Dorothy L. Sayers on well-meaning readers

You should get your hands on Sayers' nonfiction writing in any form. She's just as tart & full of vinegar as you'd expect, and deliciously direct, especially when it comes to fending off the opinions of others in regards to her work—and the fierce autonomy of her fictional characters as specific, separate entities who will obey neither your expectations nor, in many ways, her own.

From The Mind of the Maker:

Well-meaning readers who try to identify the writer with his characters or to excavate the author's personality and opinions from his books are frequently astonished by the ferocious rudeness with which the author himself salutes these efforts at reabsorbing his work into himself. They are an assault upon the independence of his creatures which he very properly resents. Painful misunderstandings of this kind may rive the foundations of social intercourse, and produce explosions which seem quite out of proportion to their apparent causes ....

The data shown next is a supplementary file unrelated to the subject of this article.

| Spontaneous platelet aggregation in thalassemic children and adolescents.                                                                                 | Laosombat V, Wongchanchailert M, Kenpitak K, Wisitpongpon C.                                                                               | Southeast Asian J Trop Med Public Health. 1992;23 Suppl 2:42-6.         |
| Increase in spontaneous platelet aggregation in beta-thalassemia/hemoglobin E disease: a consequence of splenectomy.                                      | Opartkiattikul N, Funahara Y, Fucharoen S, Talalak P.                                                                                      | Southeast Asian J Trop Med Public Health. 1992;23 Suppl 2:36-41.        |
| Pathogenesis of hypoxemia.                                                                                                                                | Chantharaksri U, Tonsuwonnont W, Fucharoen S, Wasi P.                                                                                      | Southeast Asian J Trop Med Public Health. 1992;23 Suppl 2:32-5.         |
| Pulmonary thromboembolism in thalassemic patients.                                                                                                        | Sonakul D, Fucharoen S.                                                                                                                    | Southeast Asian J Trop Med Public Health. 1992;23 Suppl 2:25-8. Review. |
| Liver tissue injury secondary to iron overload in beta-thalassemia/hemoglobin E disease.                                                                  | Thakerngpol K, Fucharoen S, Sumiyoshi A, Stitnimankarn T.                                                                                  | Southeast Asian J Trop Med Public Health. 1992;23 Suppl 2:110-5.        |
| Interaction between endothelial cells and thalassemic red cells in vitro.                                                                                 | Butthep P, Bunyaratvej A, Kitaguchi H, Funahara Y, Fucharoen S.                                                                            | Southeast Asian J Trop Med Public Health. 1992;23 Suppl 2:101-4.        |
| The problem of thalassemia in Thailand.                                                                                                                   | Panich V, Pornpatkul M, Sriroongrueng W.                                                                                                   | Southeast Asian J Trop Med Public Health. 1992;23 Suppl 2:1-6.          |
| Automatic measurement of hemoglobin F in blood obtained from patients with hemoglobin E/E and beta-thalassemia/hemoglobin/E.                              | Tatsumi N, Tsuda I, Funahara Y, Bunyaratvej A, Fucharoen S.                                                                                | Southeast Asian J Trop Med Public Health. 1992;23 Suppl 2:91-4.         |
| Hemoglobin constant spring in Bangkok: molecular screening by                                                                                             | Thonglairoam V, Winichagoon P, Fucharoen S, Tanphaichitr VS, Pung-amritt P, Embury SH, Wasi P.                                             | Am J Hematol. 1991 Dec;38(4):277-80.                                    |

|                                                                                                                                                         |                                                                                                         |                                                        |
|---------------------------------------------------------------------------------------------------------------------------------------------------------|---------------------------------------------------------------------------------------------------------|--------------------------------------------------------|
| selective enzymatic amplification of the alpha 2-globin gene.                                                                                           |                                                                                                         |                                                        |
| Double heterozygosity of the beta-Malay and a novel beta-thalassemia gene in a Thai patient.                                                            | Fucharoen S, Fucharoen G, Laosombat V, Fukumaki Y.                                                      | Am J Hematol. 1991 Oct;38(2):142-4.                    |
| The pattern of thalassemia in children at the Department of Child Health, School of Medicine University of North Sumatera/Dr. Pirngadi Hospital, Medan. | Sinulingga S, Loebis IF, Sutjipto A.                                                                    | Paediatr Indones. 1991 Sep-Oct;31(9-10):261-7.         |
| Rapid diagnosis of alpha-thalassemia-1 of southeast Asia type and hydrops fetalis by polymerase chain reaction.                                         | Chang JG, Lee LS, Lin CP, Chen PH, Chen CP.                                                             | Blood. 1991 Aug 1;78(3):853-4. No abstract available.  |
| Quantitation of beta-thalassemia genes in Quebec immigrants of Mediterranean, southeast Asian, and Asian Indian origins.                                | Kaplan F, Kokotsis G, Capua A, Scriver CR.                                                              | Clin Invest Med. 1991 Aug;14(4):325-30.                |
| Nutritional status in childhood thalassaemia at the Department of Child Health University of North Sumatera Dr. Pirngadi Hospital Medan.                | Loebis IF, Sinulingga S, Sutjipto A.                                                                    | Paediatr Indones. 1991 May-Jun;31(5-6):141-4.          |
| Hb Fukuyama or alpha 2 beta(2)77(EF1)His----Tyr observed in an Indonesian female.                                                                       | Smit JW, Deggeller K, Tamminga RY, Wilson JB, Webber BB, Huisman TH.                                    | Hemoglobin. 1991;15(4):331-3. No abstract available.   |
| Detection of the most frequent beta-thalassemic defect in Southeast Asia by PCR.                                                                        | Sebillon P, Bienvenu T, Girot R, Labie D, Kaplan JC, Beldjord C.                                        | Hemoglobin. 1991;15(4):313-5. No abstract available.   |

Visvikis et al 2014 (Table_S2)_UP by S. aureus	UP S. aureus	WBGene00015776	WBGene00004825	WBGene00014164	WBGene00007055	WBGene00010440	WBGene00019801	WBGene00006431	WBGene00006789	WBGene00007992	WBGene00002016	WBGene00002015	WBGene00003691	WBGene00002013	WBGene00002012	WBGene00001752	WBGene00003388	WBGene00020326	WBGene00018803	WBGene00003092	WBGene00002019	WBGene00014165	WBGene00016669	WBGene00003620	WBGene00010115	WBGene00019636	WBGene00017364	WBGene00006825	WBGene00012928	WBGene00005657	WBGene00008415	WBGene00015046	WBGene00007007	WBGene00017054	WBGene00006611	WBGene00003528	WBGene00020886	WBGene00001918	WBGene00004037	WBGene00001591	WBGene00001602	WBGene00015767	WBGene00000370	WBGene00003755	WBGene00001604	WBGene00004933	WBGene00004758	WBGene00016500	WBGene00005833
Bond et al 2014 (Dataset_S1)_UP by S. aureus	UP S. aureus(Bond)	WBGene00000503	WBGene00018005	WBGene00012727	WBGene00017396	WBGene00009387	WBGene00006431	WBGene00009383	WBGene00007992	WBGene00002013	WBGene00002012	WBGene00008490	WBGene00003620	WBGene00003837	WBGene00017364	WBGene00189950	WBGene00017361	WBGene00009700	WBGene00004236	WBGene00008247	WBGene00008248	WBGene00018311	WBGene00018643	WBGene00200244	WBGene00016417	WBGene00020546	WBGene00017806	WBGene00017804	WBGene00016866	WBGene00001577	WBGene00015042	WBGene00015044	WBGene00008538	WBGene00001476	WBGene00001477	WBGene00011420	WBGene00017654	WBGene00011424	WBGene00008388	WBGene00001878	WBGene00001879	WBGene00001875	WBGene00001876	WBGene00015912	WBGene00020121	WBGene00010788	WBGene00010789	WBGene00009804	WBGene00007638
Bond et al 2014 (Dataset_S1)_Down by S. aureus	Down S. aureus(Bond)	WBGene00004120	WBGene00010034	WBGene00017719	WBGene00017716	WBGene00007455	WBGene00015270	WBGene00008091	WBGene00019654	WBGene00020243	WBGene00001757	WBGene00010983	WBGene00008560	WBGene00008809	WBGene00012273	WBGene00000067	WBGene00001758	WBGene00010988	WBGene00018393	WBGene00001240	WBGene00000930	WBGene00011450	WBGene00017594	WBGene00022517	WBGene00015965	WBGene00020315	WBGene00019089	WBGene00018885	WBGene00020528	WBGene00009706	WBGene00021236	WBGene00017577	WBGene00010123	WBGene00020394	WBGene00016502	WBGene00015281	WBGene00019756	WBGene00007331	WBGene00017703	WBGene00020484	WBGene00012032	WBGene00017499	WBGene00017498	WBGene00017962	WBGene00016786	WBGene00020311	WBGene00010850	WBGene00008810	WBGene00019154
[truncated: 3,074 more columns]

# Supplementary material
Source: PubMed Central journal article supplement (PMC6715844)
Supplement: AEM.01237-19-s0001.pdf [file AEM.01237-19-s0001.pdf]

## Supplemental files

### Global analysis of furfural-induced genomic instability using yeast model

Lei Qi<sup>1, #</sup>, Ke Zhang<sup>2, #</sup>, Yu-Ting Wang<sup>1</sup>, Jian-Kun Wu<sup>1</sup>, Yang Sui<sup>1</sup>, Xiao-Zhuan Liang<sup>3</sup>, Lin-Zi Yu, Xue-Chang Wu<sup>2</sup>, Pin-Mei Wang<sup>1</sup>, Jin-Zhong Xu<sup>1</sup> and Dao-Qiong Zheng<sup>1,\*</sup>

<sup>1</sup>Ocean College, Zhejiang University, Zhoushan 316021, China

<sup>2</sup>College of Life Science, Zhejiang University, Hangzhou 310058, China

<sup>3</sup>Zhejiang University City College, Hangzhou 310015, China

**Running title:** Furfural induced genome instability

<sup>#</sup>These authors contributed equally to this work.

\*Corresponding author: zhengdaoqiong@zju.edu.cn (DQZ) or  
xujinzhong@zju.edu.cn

"I am sure Lord Peter will end up as a convinced Christian."

"From what I know of him, nothing is more unlikely."

"But as a Christian yourself, you must want him to be one."

"He would be horribly embarrassed by any such suggestion."

"But he's far too intelligent and far too nice, not to be a Christian."

"My dear lady, Peter is not the Ideal Man; he is an eighteenth-century Whig gentleman, born a little out of his time, and doubtful whether any claim to possess a soul is not a rather vulgar piece of presumption."

"I am disappointed."

"I'm afraid I can't help that."

(No; you shall not impose either your will or mine upon any creature. He is what he is, I will work no irrelevant miracles upon him, either for propaganda, or to curry favour, or to establish the consistency of my own principles. He exists in his own right and not to please you. Hands off."